Along with their efforts to capture the county seat, the village in 1837 elected some Trustees and enacted a set of ordnances for the town. The Sangamo Journal at Springfield with its sympathetic editor, Simeon Francis, published the town laws in full. After all, his brother, Josiah, was the President of the Town Board.
The town laws read like those straight from New England. (The Francis' family was from Connecticut.). After outlining the government, its officers, their election, etc., and giving the rules for policing the town, a whole section was given to observing the 'Sabbath'.
Athens youth couldn't 'play old cat, town ball or corner ball' nor 'pitch quoits' on Sunday. There could be no 'gang fights' nor fire works on the holy day and a lot of other restrictions. The fines imposed were stiff -- $1.50 for minor offenses and $5.00 for the more serious infractions. Needless to say, the town Marshal had a lot of responsibilities.
Oh yes, there was provision for a jail!
By 1840 the townspeople were talking about levying taxes to provide a school. Before that time schools had been privately conducted by subscription. That is, an itinerant school master (or local mistress) would set up shop, advertise for pupils, set the charges and operate for a few months out of the year. The only school of note in the area was the North Sangamon Academy at Indian Point, an area settled by easterners. The school had examinations for entrance and an 'exercise day' annually in which folks could come to see and hear the pupils perform. It was in session perhaps six months out of the year. It was a high-class fore-runner of the Public High School now supported by the Athens community.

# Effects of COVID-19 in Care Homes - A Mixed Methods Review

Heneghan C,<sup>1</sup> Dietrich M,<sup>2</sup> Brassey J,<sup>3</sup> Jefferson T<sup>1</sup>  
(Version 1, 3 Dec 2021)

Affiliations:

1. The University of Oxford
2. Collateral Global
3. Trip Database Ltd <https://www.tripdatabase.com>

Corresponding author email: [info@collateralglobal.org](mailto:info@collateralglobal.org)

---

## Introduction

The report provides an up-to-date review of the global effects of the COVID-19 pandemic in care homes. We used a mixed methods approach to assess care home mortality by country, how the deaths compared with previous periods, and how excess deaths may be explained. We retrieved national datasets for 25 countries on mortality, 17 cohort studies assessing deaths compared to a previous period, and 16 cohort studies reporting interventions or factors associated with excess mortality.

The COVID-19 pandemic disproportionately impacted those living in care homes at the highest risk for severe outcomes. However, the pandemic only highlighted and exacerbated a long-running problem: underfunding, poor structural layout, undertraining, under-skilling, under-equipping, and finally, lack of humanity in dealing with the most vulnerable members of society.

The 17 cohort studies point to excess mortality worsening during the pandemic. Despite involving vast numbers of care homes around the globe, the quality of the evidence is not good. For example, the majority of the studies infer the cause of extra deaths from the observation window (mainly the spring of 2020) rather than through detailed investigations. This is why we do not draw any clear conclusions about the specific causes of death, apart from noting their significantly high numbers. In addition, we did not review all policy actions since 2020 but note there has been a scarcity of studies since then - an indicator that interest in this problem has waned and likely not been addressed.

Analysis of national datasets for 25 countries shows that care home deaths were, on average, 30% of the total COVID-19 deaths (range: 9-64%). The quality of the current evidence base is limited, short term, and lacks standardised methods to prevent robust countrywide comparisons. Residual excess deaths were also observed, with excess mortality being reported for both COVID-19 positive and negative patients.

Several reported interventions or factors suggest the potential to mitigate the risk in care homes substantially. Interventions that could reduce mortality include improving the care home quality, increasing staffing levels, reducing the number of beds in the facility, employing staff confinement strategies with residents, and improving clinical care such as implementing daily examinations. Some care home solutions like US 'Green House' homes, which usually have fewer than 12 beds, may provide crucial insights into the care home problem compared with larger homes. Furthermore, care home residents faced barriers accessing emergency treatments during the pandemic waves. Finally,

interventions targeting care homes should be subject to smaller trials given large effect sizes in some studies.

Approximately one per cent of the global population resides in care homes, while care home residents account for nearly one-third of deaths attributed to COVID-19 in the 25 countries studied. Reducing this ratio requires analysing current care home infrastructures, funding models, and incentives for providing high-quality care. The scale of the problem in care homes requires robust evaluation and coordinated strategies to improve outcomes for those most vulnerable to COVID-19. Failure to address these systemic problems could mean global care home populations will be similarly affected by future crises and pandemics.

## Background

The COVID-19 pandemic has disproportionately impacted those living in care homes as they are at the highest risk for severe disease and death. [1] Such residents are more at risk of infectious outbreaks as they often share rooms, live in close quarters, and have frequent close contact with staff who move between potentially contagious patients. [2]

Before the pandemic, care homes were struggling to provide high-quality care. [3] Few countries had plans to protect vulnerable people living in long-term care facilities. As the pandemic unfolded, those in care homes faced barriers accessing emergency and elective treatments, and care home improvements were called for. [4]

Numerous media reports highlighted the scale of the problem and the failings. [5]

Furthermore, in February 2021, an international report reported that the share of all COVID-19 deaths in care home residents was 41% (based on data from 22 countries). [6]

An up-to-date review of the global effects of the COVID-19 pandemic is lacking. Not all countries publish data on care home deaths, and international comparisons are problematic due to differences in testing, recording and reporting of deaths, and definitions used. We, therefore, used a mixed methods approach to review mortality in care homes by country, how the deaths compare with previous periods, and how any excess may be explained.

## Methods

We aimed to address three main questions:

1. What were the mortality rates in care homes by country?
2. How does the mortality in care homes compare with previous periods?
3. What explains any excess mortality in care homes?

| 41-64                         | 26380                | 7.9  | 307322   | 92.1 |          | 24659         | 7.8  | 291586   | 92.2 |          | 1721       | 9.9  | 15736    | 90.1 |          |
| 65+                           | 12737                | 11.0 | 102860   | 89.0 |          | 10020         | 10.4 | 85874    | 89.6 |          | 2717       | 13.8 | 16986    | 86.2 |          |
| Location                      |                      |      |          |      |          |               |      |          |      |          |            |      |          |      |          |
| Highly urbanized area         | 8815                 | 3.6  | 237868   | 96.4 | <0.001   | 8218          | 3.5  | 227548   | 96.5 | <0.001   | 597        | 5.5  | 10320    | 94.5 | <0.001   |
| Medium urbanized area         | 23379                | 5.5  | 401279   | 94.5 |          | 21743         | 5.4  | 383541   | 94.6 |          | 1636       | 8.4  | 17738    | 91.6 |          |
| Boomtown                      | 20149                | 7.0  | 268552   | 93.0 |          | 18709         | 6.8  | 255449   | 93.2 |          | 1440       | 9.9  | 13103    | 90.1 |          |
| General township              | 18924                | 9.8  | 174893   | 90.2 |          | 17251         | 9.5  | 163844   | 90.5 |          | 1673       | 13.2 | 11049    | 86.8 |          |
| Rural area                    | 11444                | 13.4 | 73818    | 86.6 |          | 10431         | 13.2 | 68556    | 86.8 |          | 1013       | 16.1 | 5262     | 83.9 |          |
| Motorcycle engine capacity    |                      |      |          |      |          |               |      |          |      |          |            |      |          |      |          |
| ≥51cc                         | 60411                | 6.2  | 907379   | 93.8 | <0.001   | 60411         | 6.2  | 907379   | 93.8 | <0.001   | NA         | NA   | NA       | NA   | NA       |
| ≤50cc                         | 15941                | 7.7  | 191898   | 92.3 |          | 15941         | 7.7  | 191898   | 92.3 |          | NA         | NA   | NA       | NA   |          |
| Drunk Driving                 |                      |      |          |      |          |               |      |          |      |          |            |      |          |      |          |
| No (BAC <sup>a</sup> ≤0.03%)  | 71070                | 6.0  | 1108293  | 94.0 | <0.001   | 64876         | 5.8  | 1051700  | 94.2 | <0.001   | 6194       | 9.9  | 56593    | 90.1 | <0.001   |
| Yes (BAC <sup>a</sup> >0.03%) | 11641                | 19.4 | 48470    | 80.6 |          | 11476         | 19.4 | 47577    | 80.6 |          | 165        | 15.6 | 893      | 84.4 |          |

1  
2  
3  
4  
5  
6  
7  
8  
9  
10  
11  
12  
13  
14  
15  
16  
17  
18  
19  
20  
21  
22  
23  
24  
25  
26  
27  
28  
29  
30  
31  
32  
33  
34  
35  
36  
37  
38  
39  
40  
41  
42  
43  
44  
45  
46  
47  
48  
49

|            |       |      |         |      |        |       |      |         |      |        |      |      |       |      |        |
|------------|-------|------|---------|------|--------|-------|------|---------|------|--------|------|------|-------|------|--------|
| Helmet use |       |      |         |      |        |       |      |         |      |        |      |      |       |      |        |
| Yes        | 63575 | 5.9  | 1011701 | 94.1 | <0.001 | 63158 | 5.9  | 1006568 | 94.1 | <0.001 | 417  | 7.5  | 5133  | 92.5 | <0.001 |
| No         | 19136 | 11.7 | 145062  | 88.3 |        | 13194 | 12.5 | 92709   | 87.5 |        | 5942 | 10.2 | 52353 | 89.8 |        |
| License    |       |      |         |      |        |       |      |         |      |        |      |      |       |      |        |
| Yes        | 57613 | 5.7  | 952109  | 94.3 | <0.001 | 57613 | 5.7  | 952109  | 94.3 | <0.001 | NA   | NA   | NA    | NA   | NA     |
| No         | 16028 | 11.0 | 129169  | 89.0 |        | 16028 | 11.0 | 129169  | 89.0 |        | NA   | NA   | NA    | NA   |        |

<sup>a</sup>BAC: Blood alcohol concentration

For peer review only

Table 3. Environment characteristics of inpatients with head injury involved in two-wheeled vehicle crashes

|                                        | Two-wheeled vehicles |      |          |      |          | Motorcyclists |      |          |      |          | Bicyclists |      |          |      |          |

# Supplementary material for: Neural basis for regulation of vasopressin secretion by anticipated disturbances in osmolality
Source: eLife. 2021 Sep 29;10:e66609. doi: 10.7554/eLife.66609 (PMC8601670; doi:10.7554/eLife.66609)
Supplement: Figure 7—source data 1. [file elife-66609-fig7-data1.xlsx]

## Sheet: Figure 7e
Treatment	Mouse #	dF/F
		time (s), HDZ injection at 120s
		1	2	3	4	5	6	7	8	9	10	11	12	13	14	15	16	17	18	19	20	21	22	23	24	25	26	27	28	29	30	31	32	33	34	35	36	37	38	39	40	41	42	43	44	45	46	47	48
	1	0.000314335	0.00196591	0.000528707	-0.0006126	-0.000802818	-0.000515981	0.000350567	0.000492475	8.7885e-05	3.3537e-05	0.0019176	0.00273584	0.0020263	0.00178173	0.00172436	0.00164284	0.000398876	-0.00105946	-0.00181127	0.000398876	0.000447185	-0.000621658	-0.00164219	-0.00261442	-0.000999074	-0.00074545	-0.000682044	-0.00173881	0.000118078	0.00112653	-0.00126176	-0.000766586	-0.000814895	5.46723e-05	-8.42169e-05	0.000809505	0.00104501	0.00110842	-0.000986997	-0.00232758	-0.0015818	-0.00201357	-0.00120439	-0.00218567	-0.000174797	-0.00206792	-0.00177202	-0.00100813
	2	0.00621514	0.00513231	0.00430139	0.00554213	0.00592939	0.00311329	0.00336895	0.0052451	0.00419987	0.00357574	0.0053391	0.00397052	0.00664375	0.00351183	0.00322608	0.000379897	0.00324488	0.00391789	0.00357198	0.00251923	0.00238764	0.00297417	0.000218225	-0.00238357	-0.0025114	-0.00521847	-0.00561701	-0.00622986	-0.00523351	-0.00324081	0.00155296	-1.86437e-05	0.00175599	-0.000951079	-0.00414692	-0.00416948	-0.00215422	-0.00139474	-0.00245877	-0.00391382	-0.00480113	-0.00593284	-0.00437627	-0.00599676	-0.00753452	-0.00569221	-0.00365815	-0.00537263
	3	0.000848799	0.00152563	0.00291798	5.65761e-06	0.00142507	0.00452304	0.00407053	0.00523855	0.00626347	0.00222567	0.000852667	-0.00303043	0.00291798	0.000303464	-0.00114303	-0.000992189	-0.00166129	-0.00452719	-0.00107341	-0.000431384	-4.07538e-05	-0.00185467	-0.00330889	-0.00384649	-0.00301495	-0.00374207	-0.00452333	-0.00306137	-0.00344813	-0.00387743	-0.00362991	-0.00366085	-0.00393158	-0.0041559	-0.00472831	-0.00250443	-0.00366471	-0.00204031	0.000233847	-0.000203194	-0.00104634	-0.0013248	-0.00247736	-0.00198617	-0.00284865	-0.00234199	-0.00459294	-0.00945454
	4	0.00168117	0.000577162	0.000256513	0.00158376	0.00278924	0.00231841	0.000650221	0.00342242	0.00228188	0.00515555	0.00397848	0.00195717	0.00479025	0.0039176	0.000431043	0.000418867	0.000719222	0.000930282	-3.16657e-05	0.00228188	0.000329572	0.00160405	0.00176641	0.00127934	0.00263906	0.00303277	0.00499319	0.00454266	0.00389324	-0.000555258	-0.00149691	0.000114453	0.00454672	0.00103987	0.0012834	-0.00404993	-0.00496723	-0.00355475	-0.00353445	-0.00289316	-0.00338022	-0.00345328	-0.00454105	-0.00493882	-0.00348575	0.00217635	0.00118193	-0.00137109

A Dr. Abbot was the first physician to practice in Athens; Dr. Lee (reportedly, a cousin of Gen. Robert E. Lee) and a Dr. Estry came later about 1837 or 1838. As time went on, the doctors became community leaders. Dr. W.F. Roberts (in the family); Old Doc. Primm and a Doctor Mudd. Later there was a Dr. Hill, whose son, Dr. T.F. Hill, living in 1981 was 105 years old! One of the Hills, later a Dentist at Auburn, Illinois married into the Hall family!
The war clouds gathering in the late 1850s were to hasten the end of the pioneer isolation of the community and expose many of its men to country beyond the county lines. There was still another indication that the pioneer days were fast ending. From the old reliable Springfield newspaper, The Sangamo Journal, issue of December 3, 1855 is taken the following announcement: